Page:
Disclaimer: This blog is to not meant to bad talk anyone and/or any companies out there making/and or using grain-free diets. This blog is meant to give everyone the right information so that everyone can make the best decision for their canine companion.
As many people know, in July of 2019, the Food and Drug Administration (FDA) posted an update about Dilated Cardiomyopathy (DCM) in dogs and the relation to “grain-free” diets. The FDA has been investigating this issue for the past year. As a veterinary clinic, we want to give everyone a place to go to get some true and factual information about this, because it is something that can be very terrifying and worrisome.
Here is some background information on “Grain-free” diets and what DCM is.
A “grain-free” diet is characterized as a diet that is food made without corn, rice, wheat and other grains. The ‘grain-free’ diets we are concerned about are the ones that contain legumes, like lentils, legume seeds (pulses), peas, and/or potatoes in a variety of different form (flour, protein, whole, etc.,) as the main ingredients in the food. If it is the main ingredient, it will be listed within the first ten ingredients in the list provided on the bag, before the minerals and vitamins.
DCM, as said above, is a condition known as Dilated Cardiomyopathy. It is a disease of the heart muscle that is usually prevalent in our large breed dogs like Great Danes, Boxers, Doberman Pinschers, Newfoundland, the Irish Wolfhound, etc. DCM is less common in our small/medium breeds, with the exception of English and American Cocker Spaniels. The disease is characterized by enlargement in the lower chambers of the heart, called the ventricles, and the thinning on those ventricular walls. It causes the heart not to be able to contract/pump normally, which in turn causes the blood not to be able to pump out of the heart to the rest of the body as well as it should. It can result in Congestive heart failure (CHF).
The FDA is investigating this because there have been cases of dogs not being predisposed to this condition, getting DCM. These breeds include, not limited to, Whippets, Shih Tzus, and Golden Retrievers. The reason they took notice of this is that these dogs all ate grain alternatives in their diets.
The recent increase in DCM diagnosed patients and cases have occurred just in the last few years. The FDA has stated on June 27, 2019, between the dates of January 1, 2014, and April 30, 2019, they did receive 524 case reports of diagnosed DCM. In the cases, there were 560 individual canines diagnosed with DCM and 119 of those were fatal. There were 14 individual felines, 5 of which were fatal. FDA also stated that some of these cases involved more than one animal from the same home.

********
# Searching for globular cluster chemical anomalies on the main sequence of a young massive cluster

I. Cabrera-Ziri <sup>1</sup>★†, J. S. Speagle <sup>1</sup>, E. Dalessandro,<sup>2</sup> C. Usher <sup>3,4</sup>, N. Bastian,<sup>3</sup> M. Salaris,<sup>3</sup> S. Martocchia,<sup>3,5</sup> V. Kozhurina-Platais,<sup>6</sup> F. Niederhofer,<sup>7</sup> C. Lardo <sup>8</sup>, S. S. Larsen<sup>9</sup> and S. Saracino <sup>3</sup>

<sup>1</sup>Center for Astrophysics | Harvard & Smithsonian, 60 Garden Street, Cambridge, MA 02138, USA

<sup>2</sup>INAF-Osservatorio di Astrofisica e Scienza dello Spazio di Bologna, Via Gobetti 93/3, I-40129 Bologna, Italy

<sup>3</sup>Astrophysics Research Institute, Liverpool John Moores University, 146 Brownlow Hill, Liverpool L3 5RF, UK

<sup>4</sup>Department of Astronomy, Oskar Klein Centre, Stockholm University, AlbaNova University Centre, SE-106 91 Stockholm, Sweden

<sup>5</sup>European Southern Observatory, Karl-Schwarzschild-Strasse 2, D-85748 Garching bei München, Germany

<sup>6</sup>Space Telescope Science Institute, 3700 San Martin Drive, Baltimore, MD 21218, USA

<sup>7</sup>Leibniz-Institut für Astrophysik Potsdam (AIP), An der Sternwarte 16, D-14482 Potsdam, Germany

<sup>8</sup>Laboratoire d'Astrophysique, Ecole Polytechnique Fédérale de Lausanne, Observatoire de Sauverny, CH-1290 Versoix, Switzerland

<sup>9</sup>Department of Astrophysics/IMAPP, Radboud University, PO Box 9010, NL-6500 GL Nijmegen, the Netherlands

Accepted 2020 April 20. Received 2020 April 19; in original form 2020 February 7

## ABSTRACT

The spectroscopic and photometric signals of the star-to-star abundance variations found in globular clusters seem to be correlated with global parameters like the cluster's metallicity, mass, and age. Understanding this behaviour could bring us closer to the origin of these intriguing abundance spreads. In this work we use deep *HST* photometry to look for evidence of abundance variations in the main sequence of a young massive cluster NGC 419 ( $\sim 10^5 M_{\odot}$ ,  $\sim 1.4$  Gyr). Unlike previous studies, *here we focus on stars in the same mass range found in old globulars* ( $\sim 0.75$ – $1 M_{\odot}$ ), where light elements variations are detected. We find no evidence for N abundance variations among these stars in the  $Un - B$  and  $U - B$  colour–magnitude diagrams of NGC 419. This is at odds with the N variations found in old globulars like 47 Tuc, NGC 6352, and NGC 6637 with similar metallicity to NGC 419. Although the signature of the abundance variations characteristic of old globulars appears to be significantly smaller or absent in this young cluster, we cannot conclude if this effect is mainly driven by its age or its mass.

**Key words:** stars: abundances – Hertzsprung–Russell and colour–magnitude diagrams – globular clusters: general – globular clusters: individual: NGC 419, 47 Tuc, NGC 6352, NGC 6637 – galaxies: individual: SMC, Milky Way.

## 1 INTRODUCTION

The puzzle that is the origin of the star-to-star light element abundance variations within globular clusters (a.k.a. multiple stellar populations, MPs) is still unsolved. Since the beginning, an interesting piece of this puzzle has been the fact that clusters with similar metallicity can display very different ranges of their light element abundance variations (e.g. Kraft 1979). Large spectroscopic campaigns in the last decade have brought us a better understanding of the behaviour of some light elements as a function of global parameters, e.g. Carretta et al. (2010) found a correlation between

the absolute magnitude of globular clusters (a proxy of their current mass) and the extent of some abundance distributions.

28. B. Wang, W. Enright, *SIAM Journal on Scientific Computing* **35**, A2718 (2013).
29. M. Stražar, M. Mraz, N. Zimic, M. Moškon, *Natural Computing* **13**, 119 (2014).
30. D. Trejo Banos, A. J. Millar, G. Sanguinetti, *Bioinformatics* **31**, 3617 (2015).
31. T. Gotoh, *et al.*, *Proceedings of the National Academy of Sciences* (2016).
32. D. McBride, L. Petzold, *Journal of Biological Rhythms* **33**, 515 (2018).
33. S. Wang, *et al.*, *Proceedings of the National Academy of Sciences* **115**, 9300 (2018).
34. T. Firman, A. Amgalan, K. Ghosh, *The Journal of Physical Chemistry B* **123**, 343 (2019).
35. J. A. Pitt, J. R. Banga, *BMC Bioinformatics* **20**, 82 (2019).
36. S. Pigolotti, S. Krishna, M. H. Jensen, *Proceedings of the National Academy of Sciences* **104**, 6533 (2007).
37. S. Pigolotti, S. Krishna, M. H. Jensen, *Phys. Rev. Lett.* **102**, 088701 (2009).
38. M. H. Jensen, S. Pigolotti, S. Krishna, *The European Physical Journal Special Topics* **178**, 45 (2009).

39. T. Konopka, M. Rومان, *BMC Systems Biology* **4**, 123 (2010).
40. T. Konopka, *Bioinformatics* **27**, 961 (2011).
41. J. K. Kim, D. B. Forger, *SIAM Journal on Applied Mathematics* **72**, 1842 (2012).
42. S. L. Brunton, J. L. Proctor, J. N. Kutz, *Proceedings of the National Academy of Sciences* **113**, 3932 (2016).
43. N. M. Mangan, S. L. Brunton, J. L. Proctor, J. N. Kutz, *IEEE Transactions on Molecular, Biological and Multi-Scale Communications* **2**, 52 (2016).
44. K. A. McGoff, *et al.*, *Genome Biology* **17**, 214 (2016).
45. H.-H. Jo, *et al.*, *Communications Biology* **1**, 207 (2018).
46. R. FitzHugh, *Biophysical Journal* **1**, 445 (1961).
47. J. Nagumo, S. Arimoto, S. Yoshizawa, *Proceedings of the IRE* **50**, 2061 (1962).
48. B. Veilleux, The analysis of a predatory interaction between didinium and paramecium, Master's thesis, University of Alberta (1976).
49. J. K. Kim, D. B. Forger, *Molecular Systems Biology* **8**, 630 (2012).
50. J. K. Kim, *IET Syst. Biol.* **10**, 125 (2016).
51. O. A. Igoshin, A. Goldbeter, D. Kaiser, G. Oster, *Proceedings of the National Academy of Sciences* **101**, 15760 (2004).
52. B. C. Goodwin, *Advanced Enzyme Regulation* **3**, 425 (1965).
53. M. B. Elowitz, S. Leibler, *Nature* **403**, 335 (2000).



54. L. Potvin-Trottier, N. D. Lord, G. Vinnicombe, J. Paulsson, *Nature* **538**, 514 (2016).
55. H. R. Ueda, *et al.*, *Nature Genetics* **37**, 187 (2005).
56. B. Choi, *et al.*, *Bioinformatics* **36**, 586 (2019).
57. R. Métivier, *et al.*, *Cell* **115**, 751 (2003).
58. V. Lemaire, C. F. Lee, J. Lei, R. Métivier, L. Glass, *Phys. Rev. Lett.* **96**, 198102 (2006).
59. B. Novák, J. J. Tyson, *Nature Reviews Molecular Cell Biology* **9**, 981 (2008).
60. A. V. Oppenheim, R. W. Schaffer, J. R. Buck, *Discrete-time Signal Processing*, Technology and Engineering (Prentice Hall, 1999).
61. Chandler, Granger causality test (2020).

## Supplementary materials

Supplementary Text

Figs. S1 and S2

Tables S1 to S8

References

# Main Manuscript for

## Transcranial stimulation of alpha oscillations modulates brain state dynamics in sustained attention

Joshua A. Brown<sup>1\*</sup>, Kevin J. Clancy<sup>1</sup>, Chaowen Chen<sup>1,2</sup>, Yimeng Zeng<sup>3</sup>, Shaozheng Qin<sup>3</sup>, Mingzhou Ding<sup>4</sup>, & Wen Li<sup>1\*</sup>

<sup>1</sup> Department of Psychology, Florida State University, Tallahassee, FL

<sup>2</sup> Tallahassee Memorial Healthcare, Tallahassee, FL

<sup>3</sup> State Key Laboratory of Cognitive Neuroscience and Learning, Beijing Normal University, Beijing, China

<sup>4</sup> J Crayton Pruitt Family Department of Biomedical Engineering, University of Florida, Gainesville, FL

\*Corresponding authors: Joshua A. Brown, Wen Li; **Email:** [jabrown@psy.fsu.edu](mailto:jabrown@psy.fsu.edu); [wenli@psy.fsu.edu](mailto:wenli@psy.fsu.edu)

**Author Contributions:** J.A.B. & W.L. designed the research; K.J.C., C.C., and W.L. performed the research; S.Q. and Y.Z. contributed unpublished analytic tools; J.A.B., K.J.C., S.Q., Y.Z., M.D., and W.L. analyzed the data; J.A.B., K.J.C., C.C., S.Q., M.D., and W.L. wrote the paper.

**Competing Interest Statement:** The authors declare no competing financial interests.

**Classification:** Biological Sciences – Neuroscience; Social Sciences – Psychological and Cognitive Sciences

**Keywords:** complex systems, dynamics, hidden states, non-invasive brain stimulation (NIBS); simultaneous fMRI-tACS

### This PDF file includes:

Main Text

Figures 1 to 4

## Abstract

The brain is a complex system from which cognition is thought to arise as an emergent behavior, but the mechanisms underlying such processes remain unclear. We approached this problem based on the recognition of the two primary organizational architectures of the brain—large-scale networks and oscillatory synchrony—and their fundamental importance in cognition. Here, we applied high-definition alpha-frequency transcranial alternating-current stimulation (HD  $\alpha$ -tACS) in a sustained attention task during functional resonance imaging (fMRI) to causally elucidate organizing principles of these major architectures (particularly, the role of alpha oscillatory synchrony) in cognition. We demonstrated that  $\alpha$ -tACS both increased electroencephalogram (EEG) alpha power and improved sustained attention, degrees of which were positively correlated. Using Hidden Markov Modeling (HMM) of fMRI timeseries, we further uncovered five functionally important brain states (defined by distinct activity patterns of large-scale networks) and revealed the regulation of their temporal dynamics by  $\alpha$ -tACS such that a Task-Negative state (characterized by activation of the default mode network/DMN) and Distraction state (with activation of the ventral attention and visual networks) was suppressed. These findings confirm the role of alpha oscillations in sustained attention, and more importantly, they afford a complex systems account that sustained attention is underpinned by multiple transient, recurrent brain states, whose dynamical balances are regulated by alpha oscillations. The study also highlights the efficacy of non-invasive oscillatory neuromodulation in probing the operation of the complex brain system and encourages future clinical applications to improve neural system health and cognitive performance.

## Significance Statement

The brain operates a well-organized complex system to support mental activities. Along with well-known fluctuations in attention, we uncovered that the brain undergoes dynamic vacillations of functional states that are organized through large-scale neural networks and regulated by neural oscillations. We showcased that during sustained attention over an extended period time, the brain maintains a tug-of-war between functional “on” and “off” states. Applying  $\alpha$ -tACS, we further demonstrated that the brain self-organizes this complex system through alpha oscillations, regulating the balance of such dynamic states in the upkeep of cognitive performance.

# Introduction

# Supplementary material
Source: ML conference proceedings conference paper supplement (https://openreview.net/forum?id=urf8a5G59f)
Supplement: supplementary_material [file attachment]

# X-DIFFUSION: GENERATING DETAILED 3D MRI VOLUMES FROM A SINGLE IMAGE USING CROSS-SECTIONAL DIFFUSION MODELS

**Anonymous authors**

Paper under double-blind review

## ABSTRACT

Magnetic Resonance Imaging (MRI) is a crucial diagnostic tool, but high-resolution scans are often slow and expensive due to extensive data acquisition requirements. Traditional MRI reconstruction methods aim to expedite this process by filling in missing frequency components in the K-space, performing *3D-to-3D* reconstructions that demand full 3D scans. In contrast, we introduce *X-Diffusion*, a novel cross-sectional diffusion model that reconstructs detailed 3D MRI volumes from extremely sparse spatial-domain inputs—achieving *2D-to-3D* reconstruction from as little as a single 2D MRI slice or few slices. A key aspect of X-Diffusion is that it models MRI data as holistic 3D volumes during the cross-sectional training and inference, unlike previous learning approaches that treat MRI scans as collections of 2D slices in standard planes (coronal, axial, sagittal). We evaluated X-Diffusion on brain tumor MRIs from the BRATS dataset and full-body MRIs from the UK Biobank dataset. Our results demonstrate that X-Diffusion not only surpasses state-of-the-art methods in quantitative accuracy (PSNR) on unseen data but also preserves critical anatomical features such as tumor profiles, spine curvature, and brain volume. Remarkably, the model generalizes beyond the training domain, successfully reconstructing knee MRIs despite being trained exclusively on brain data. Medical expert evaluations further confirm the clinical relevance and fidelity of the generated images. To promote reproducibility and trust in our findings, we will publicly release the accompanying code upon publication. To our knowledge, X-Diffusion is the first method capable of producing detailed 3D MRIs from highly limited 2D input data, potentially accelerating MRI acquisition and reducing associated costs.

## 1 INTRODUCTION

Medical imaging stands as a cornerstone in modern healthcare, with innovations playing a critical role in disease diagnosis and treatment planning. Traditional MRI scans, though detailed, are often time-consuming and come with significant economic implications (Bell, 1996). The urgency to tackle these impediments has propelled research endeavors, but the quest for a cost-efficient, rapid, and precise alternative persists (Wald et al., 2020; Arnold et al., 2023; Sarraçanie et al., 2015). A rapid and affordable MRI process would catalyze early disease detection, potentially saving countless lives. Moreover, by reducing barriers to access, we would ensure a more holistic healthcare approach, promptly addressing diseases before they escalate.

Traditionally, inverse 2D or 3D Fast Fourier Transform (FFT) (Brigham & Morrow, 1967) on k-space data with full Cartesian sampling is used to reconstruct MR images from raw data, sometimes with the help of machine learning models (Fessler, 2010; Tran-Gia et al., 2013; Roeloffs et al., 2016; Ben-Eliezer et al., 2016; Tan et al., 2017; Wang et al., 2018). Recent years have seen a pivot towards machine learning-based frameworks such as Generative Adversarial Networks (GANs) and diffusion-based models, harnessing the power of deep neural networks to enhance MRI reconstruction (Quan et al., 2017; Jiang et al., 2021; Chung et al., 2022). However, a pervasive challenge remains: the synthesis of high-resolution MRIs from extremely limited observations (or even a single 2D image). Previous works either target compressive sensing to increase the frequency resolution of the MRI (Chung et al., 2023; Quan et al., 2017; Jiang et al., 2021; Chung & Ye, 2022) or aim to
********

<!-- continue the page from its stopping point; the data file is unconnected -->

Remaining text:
FDA has stated that it is not clear why these diets may be connected to this disease. We would like people to know that there are many causes of DCM (Taurine Deficiencies for an example). The FDA also has said that the nutritional makeup of the food (processing, amounts used, sourcing of the main ingredients) and the way the canines digest/process these ingredients/foods could be involved in this increase in cases of DCM in breeds not predisposed to it.
The FDA is still investigating this link between “grain-free,” legume and/or potato diets, and DCM in our canine companions and that there is still a lot of information that is still not known. This, however, does not mean that the information they are giving to the public is not accurate and not worth listening to.
In the end, the pet owners are the ones to decide on what their dog eats. We as veterinary professionals are here to give our pet owners information so that you can make that decision, and no matter what your decision, we will always support you and never judge you.
If you have any more questions, and/or your pet is showing symptoms of, coughing, difficulty breathing, loss of energy, anorexia, distended abdomen, and/or collapsing, please contact your veterinarian and book an office visit with them today.
We would also like to say that all dogs have different nutritional needs, and the same product might not work for everyone. Always consult your veterinarian if you decide to switch diets so they can make sure that your dog is getting all the nutrition they need to have an amazing and fulfilling life.
Here are some sites by the FDA to find more information:
- FDA Investigation into Potential Link between Certain Diets and Canine Dilated Cardiomyopathy
- Questions & Answers: FDA Center for Veterinary Medicine’s Investigation into a Possible Connection Between Diet and Canine Heart Disease
Written by: Morinville Veterinary Hospital